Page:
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Tooth abscessBy Mayo Clinic staff
Original Article: http://www.mayoclinic.com/health/tooth-abscess/DS01189
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|Periapical tooth abscess|
A tooth abscess is a pocket of pus that's caused by a bacterial infection. The abscess can occur at different regions of the tooth for different reasons. A periapical (per-e-AP-ih-kul) abscess occurs at the tip of the root, whereas a periodontal (per-e-o-DON-tul) abscess occurs in the gums next to a tooth root. The information here refers specifically to periapical abscesses.
A periapical tooth abscess usually occurs as a result of an untreated dental cavity, injury or prior dental work.
Dentists will treat a tooth abscess by draining it and getting rid of the infection. They may be able to save your tooth with a root canal treatment, but in some instances it may need to be pulled. Leaving a tooth abscess untreated can lead to serious, even life-threatening, complications.
Signs and symptoms of a tooth abscess include:
- Severe, persistent, throbbing toothache
- Sensitivity to hot and cold temperatures
- Sensitivity to the pressure of chewing or biting
- Swelling in your face or cheek
- Tender, swollen lymph nodes under your jaw or in your neck
- Sudden rush of foul-smelling and foul-tasting fluid in your mouth and pain relief if the abscess ruptures
When to see a doctor
See your dentist promptly if you have any signs or symptoms of a tooth abscess. If you have a fever and swelling in your face and you can't reach your dentist, go to an emergency room. Also go to the emergency room if you have trouble breathing or swallowing. These symptoms may indicate that the infection has spread deeper into your jaw and surrounding tissue or even to other areas of your body.
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|Periapical tooth abscess|
A periapical tooth abscess occurs when bacteria invade the dental pulp — the innermost part of the tooth that contains blood vessels, nerves and connective tissue.
Bacteria enter through either a dental cavity or a chip or crack in the tooth and spread all the way down to the root. The bacterial infection can cause swelling and inflammation at the tip of the root.
These factors may increase your risk of a tooth abscess:
- Poor dental hygiene. Not taking proper care of your teeth and gums — such as not brushing your teeth twice a day and not flossing — can increase your risk of tooth decay, gum disease, tooth abscess, and other dental and mouth complications.
- A diet high in sugar. Frequently eating and drinking foods rich in sugar, such as sweets and sodas, can contribute to dental cavities and turn into a tooth abscess.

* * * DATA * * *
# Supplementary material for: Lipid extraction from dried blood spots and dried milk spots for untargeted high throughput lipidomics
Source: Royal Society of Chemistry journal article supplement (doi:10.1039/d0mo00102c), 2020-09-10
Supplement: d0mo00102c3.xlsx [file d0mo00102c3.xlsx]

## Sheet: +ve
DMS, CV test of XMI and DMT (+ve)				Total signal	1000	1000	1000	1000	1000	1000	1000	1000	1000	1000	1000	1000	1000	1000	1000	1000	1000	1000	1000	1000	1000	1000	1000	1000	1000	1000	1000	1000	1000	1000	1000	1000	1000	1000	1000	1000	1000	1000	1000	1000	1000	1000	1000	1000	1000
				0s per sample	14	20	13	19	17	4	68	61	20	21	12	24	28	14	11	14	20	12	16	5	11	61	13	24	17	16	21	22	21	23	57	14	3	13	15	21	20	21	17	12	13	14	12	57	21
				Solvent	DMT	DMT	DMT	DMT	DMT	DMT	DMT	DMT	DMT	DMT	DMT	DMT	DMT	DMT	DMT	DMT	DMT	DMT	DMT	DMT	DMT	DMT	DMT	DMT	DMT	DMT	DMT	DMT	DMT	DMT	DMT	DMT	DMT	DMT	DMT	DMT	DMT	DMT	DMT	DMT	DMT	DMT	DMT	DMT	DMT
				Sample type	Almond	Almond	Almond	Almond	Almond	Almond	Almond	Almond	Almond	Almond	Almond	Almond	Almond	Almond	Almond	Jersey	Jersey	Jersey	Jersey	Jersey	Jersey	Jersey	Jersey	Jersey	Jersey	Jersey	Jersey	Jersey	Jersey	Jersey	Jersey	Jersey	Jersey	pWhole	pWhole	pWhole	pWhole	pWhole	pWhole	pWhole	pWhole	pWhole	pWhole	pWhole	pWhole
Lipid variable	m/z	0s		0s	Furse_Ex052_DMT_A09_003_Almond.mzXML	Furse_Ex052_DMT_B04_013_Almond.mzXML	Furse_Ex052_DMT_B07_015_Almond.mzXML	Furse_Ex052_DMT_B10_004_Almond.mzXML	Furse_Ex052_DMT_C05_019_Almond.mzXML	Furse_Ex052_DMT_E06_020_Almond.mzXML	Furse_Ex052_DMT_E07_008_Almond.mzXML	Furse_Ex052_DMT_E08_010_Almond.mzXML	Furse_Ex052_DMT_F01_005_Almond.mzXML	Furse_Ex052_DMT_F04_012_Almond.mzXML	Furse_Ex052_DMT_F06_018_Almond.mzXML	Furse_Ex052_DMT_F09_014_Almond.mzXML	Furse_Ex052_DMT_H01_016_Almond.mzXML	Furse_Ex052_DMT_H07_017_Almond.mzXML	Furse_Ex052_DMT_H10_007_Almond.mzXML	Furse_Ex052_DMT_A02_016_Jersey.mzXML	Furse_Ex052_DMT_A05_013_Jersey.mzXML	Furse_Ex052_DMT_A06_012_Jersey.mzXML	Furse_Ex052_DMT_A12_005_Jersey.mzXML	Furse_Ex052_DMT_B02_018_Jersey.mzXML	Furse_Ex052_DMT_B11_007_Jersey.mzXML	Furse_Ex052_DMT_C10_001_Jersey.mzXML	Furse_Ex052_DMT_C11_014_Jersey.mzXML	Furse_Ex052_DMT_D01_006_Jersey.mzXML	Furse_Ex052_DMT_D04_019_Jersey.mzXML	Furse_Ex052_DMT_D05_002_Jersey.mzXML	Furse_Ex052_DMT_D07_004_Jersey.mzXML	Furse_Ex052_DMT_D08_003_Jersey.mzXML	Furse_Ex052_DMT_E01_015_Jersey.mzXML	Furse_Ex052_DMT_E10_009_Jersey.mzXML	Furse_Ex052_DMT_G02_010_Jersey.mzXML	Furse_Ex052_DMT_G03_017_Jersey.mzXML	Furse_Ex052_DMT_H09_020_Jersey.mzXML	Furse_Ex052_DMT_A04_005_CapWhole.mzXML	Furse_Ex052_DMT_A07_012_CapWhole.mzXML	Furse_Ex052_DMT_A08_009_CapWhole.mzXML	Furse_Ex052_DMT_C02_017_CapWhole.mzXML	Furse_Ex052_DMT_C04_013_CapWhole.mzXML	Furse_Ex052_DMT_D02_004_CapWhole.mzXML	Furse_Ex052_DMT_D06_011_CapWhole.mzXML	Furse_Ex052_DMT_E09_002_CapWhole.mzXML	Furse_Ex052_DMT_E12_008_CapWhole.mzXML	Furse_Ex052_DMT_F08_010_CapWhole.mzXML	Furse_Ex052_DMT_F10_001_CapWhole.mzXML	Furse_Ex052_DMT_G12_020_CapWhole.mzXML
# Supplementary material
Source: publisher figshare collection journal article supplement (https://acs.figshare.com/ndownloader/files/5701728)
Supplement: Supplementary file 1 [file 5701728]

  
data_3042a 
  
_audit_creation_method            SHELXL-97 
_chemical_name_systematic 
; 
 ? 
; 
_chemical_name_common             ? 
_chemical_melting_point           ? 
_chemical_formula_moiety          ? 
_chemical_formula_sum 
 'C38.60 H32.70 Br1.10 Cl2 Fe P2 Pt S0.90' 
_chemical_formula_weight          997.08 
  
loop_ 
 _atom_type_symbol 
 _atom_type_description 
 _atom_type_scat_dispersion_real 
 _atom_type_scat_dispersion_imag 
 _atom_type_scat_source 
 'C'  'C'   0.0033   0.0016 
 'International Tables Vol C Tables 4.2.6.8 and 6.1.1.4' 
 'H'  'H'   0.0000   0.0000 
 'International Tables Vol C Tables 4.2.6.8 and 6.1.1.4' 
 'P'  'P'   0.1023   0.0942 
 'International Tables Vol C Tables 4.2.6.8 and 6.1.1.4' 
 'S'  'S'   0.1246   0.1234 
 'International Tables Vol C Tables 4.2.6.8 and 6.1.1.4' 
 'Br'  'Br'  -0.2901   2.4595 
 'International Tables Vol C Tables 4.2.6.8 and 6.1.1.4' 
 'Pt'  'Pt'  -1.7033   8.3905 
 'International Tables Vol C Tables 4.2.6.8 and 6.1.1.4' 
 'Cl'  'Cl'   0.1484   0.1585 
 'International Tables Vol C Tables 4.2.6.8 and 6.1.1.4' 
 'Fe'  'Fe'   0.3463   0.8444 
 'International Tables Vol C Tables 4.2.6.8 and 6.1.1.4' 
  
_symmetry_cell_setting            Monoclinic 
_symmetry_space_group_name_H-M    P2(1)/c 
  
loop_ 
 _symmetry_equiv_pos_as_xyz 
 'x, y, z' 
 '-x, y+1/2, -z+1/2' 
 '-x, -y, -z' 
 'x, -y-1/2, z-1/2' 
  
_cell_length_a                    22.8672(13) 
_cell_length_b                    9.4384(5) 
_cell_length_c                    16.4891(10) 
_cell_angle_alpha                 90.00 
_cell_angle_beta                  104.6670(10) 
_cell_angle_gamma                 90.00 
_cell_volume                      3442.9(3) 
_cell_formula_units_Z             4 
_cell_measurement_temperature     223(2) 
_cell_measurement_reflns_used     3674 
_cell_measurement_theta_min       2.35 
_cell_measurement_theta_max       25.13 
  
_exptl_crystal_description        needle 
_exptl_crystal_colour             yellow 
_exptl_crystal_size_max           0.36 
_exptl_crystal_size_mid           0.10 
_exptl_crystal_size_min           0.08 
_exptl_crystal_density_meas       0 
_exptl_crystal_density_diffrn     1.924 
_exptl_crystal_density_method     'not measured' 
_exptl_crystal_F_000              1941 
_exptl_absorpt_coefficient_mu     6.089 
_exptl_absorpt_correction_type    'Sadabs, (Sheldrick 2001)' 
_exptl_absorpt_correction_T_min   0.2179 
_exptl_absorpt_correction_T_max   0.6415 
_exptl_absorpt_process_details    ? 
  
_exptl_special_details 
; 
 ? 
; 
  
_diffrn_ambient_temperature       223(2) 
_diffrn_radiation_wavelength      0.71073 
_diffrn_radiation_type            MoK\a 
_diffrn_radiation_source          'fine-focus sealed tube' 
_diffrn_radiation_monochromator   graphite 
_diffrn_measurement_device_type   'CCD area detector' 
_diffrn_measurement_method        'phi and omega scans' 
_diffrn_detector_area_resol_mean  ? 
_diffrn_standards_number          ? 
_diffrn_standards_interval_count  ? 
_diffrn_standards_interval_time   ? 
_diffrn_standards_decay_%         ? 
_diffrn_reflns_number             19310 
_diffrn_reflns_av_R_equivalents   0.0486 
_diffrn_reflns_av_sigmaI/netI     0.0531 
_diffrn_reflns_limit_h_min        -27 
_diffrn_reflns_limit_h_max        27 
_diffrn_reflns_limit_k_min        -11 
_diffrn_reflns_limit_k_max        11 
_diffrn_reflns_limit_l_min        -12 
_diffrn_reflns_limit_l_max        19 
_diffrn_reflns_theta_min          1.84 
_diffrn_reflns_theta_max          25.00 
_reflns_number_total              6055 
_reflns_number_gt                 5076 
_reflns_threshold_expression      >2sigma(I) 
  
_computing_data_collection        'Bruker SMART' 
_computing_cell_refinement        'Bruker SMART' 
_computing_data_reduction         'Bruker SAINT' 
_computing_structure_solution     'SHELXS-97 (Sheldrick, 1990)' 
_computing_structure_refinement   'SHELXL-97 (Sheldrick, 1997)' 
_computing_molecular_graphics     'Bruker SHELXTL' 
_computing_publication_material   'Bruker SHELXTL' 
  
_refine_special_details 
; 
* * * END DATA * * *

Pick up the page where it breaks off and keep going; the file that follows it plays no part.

A tooth abscess won't go away without treatment. If the abscess ruptures, the pain may decrease significantly — but you still need dental treatment. If the abscess doesn't drain, the infection may spread to your jaw and to other areas of your head and neck. You might even develop sepsis — a life-threatening infection that spreads throughout your body.
If you have a weakened immune system and you leave a tooth abscess untreated, your risk of a spreading infection increases even more.
Tests and diagnosis
In addition to examining your tooth and the surrounding area, your dentist may:
- Tap on your teeth. A tooth that has an abscess at its root is generally sensitive to touch or pressure.
- Recommend an X-ray. An X-ray of the aching tooth can help identify an abscess. Your dentist may also use X-rays to determine whether the infection has spread, causing abscesses in other areas.
Treatments and drugs
The goal of treatment is to get rid of the infection. To accomplish this, your dentist may:
- Open up (incise) and drain the abscess. The dentist will make a small cut into the abscess, allowing the pus to drain out, and then wash the area with salt water (saline).
- Perform a root canal. This procedure can help eliminate the infection and save your tooth. To do this, your dentist drills down into your tooth, removes the diseased central tissue (pulp) and drains the abscess. He or she then fills and seals the tooth's pulp chamber and root canals, and caps the tooth with a crown to enhance strength, especially for molar teeth. If you care for your restored tooth properly, it can last a lifetime.
- Pull the affected tooth. If the affected tooth can't be saved, your dentist will pull (extract) the tooth and drain the abscess to get rid of the infection.
- Prescribe antibiotics. If the infection is limited to the abscessed area, you may not need antibiotics. But if the infection has spread to nearby teeth, your jaw or other areas, your dentist will likely prescribe antibiotics to stop it from spreading further. He or she may also recommend antibiotics if you have a weakened immune system.
Lifestyle and home remedies
While the area is healing, your dentist may recommend you take the following steps to help ease discomfort:
- Rinse your mouth with warm salt water.
- Take over-the-counter pain relievers, such as acetaminophen (Tylenol, others) and ibuprofen (Advil, Motrin IB, others), as needed.
Avoiding tooth decay is essential to preventing a tooth abscess. Take good care of your teeth to avoid tooth decay:
- Use fluoridated drinking water.
- Brush your teeth at least twice a day with a fluoride toothpaste.
- Use dental floss or an interdental cleaner to clean between your teeth on a daily basis.
- Replace your toothbrush every three or four months, or whenever the bristles are frayed.
- Eat healthy food, limiting sugary items and between-meal snacks.
- Visit your dentist for regular checkups and professional cleanings.
- Consider using an antiseptic or a fluoride mouth rinse to add an extra layer of protection against tooth decay.
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